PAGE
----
Land Stewardship and Conservation Task Force


Minutes of the<MeetNo1> 1st Meeting

of the 2007 Interim


<MeetMDY1> January 23, 2007


The<MeetNo2> 1st meeting of the Land Stewardship and Conservation Task Force was held on<Day> Tuesday,<MeetMDY2> January 23, 2007, at<MeetTime> 1:00 PM, in<Room> Room 149 of the Capitol Annex. Representative Robin L Webb, Chair, called the meeting to order, and the secretary called the roll.


Present were:


Members:<Members> Representative Robin L Webb, Co-Chair; Hugh Archer, Juva Barber, Stephen Coleman, Jerry Deaton, Don Dott, Jon Gassett, Teresa Hill, Laura Knoth, William Martin, Jerry Miller, Duane Murner, Gary Verst, and Bruce Williams.


Guests:  Eric Gracey, Kentucky Division of Forestry; Mary Jean Eddins, Kentucky Heritage Land Conservation Fund; Barbara Pauley, OLS-CPPC; Karen Keown, Kentucky Heritage Council; Cary Peter, River Fields; and Mackenzie Victoria Royce, Bluegrass Conservancy.


LRC Staff:  Hank Marks, Katie Carney, Mark Mitchell, Tanya Monsanto, Matt Trebelhorn, and John Scott.


A quorum being present, the meeting was called to order by the Chair,  Representative Webb, at 1:15 P.M.


The Chair opened the meeting by observing that, in the absence of a more unified voice that may come from the Task Force, preservation and conservation priorities are often moved to the back burner in the face of many other issues facing society. She announced that there would be three or four meetings and a report would be issued on or before June 30, 2007. She noted that all documents submitted are part of the record and subject to inclusion in the report, and any errors or omissions should be identified to staff. She also identified the six reports and the descriptive summary of all land preservation programs contained in members' folders.


At this time Task Force members introduced themselves and briefly stated the nature of the organization they represented and what they hoped the Task Force would accomplish.


The first presentation was given by Jon Gassett, Commissioner of the Kentucky Department of Fish and Wildlife Resources. (KDFWR). He stated that Kentucky lands are 94% privately owned, and that 132,000 acres are owned by the KDFWR and 646,000 acres are Wildlife Management Areas (WMA’s). He stated that at present, there are funds available to buy only about 2,000 acres a year. He cited research statistics showing the numbers of citizens who did not participate in wildlife activities due to the lack of public access, and that Kentucky loses 47,000 acres of wildlife habitat a year. Among the land access goals of the KDFWR for 2013 are: purchasing 20,000 acres, increasing WMA's by 100,000 acres, and increasing access in the "Golden Triangle" by 10%. Next, Commissioner Gassett discussed the eight criteria used to prioritize land acquisition priority decisions, and the funding sources used. Those sources were identified as the Federal Wildlife Restoration Act, the Sport Fish Restoration Act, and the Heritage Land Conservation Fund. He identified other sources of funding as: the Forest Legacy Program, The State and Tribal Wildlife Grants Program, The North American Wetlands Conservation Act, and the Recovery Land Acquisition Program. He stated that these latter funding sources were in some danger of drying up in the next few years. In concluding Commissioner Gassett identified the partners with whom the KDFWR works, and issues affecting growth and success. Those issues were identified as: availability of long-term funding, viable incentives to landowners, urbanization and land development, demand for public access and user conflicts, the ability to provide matching portions of grants, and the decreasing size of farm acreage.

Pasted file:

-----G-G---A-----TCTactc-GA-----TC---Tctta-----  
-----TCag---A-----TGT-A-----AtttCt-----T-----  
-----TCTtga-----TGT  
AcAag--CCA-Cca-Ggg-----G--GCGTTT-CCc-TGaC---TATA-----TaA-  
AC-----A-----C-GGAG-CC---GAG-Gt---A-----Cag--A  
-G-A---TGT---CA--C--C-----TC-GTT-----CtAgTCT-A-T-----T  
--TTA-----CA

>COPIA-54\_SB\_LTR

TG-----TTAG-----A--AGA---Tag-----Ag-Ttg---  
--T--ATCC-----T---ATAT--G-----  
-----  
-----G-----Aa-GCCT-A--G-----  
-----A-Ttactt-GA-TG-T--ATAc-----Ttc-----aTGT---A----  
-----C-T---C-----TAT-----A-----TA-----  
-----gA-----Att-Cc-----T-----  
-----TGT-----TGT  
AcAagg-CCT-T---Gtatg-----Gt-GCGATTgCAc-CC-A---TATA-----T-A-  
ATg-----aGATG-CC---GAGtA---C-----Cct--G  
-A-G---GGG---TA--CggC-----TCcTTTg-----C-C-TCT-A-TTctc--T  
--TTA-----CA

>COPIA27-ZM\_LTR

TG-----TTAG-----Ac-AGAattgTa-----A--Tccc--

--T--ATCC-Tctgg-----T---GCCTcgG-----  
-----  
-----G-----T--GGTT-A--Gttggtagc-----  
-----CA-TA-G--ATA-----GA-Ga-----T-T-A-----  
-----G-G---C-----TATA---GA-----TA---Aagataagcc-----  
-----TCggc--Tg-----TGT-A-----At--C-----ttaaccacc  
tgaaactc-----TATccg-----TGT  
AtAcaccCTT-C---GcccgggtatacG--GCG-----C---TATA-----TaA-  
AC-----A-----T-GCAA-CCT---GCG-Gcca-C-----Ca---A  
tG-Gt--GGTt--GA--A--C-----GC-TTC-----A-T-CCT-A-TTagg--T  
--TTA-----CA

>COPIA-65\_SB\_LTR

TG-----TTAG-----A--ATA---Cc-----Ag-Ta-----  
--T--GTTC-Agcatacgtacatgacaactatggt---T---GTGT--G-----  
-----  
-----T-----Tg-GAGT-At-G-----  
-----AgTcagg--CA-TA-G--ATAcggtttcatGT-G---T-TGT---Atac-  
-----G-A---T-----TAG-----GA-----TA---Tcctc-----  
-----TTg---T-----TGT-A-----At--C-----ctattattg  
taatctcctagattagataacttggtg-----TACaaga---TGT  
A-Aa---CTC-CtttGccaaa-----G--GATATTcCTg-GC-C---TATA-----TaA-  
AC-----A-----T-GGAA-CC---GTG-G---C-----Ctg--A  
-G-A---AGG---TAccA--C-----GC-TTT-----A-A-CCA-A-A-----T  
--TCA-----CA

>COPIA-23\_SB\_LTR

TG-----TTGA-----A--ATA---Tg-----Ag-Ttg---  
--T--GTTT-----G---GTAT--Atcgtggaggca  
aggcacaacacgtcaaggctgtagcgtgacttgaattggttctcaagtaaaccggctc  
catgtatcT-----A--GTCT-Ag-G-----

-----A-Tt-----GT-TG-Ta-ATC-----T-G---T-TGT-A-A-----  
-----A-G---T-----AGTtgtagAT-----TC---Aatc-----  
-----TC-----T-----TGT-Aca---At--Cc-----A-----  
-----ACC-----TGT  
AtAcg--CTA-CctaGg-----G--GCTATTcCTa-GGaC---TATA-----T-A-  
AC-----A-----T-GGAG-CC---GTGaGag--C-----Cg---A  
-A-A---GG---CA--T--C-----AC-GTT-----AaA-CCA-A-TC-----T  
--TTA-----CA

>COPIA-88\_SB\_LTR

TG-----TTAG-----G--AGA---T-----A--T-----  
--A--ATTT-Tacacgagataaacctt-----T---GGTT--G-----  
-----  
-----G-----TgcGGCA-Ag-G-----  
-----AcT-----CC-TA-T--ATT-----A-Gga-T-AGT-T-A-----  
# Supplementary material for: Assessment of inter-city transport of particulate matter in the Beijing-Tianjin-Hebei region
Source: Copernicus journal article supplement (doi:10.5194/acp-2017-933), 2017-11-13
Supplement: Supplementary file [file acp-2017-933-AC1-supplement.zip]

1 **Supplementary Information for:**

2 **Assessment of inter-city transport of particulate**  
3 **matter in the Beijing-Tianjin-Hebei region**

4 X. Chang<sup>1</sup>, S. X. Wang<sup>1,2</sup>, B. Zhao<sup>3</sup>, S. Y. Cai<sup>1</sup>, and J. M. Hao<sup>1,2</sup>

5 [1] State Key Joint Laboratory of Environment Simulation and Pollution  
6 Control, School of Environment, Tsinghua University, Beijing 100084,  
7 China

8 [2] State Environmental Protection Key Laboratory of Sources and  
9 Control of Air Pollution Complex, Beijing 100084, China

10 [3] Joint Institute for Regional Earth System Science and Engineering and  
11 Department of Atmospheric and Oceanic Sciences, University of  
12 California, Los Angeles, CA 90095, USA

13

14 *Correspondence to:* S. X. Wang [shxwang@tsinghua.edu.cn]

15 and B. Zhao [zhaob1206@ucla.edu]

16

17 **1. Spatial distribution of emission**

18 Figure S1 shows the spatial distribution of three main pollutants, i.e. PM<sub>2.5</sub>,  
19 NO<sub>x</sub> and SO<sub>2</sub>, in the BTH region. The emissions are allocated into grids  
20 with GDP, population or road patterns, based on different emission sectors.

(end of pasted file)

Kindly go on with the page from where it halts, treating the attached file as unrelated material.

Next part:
Next, Mr. Bruce Williams gave a presentation on behalf of the Kentucky Land Conservation Initiative of the Kentucky Conservation Committee. He noted that over 430 acres of forest and fields are lost to development each day, and over one square mile per week. This is one of the highest rates in the country, he stated. He noted also, that one million acres have been lost in the past 10 years, and 93% of forests, riparian zones and key natural areas do not have protection from irreversible land use decisions. Forest land owners, he said, do not have financial incentives to retain their lands as forest. He stated that with only 0.9% of Kentucky land being owned by the state, Kentucky has protected the smallest percentage of its land compared with the seven surrounding states. Kentucky ranks 47th among the states in this regard, he stated. Overall, only 7.5% of Kentucky lands have some form of long-term protection. He briefly described four major land conservation entities and programs. The Heritage Land Conservation Fund has annual funding of about $4 Million, he said, but grant requests sometimes reach $11 Million. The PACE program (Purchase of Agricultural Easements) has annual funding of about $400,000, he stated, which is far less than qualified offers to sell. He noted that the forestry cost share programs that can document a statewide potential market remain unfunded. Finally, he stated that current opportunities for leasing and purchasing lands for public access by the KDFWR exceed available funds. In concluding, he made note of $10 Million that was originally in the Kentucky 2006-08 budget for the Heritage Land Conservation Fund, and subsequently removed.